Wednesday, September 26, 2012


My brother is good with words. He was an "English and Writing" major and he has the ability to make anything I write (or anyone else writes, for that matter) sound better. In fact, he could edit this blog post in about 5 minutes; and it would be clearer, more concise, and easier to read. What can I say, he has a gift.

I have heard that excellent writers pays particular attention to word choice. Is a word the best fit? Does it have the most specific meaning? Are they using it correctly? Would another word work better?

Lately, I have noticed that we often use words but they don't mean what we think they mean when we say them. Was that sentence confusing? It made sense in my head. I clearly need my brother's intervention...Joel?

Perhaps I should try an example:
My sweet 6 year-old daughter sometimes often comes home from school and complains to me that she is starving. Since the definition of starving is "deprived of food," this is a huge exaggeration. Is she intentionally lying? No. It's an issue of semantics: the meaning of the word. There is a discongruity between what she thinks the word means and what the word actually means.

But, I want her to know the difference. I want her to know that there actually are 6 year-olds who are "deprived of food." I want her to develop compassion for them as well as gratefulness for the cheese stick she can get out of the fridge. For this reason, I try to encourage my kids not to use the phrase, "I'm starving." They can say, "I'm hungry" (which interestingly can mean either "starving" or "desirous") or "I want something to eat."

Another common scenario is when my son says that he needs a new Lego set. I try to tell him that he does not need a Lego set; he wants a Lego set. (And that his mother thinks we need to sell or give away some of the Legos we already have....I digress.)

I have always thought of a need as something a person had to have: water, food, shelter. But I looked up the word on and it gave the definition: "want, requirement." Have we as Americans actually modified the definition of a word by our use of it? That seems crazy.

I just started a book about getting rid of "excess" in our lives. At first, it was hard to imagine our family lived in excess. It sounds so exorbitant. The definition of excess was "overabundance of something" which sounds like you have to have bins or closets overflowing with food and supplies.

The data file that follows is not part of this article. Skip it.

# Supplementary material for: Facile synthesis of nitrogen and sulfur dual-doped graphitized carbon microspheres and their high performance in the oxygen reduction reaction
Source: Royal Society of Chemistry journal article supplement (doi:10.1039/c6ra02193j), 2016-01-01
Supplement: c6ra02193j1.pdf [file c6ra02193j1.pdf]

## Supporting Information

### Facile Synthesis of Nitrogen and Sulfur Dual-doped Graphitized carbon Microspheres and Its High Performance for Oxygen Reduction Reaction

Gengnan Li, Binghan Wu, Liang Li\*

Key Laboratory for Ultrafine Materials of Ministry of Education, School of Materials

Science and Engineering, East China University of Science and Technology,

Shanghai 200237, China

But then I checked out the synonym list: spare, duplicate, surplus, waste. Wow. According to this, we live with excess and lots of it. So, we have a challenge. An obligation even. To sort. To give. To share. To be godly stewards (managers) of all He has given us.

Spiderman warns us that, "With great power comes great responsibility." I'd like to suggest that knowledge is power and with it does come great responsibility. So I hope to use it wisely. Anyone else want to join me? I just might need some help along the way.

Monday, September 24, 2012


This summer was a summer of reading for our family.

I read memoirs: Girl Meets God by Lauren F. Winner, Look Me in the Eye, My Life with Aspergers by John Elder Robison, The Glass Castle by Jeanette Walls.

I read fiction: The Testament by John Grisham, Plain Truth by Jodi Picoult, and The Boxcar Children Books 1-7 to my children. 

And then I read another genre of books (their backs are labeled "Christian living" and "religion" but they should be labeled "Warning: this book has the potential to change your life!): Reckless Faith by Beth Guckenberger, The Irresistible Revolution by Shane Claiborne. 

These are stories of people who are allowing God to transform their lives: the way they think, the way they give, the way they live. These books, along with my memories of reading The Hole in the Gospel by Richard Stearns and with challenging sermons by our pastor and engaging discussions with friends have been rocking - and wrecking - my comfortable, little, Christian world.

I am being challenged with new thoughts about poverty and war. About my responsibility for the welfare of God's children across town and across the world. It's overwhelming and unsettling, and I have more questions than answers. But I am seeking and praying and trusting in God's ability to help me hear his voice and to be obedient day by day. Step by step. Dollar by dollar.

I recently read a quote on a friend's blog that she confessed to hearing on the radio, so I am not even sure whom to credit, but it is worth considering, "The opposite of poverty is not wealth; it is enough." 

I love the idea of enough. Not in need, not with excess, but enough. Just the right amount.

It's the same principle that God commanded when He fed the Israelites manna in the wilderness: "Then the Lord said to Moses, 'I will rain down bread from heaven for you. The people are to go out each day and gather enough for that day. In this way I will test then and see whether they will follow my instructions." (emphasis mine) -- Exodus 16:4

I wonder if the principle of enough is a kingdom principle. Jesus shares parables that warn of the folly of building barns for excess and admonishes us against storing up riches on earth. 

Are we to live with a such a level of trust that we daily dependend on God's faithfulness to provide enough

Do we miss out on God's blessings and miracles because we insist on planning ahead and holding so tightly to the things of this world to the point that we render God's intervention unnecessary. 

Is it okay that hundreds of thousands of children die daily of preventable diseases while my children live in excess...with more than enough?

What does living with enough look like? How is God challenging you to share your "excess" with those "in need"? 

I'm not sure what this means for our family; but I have a feeling we are starting a new journey, and this is just the beginning.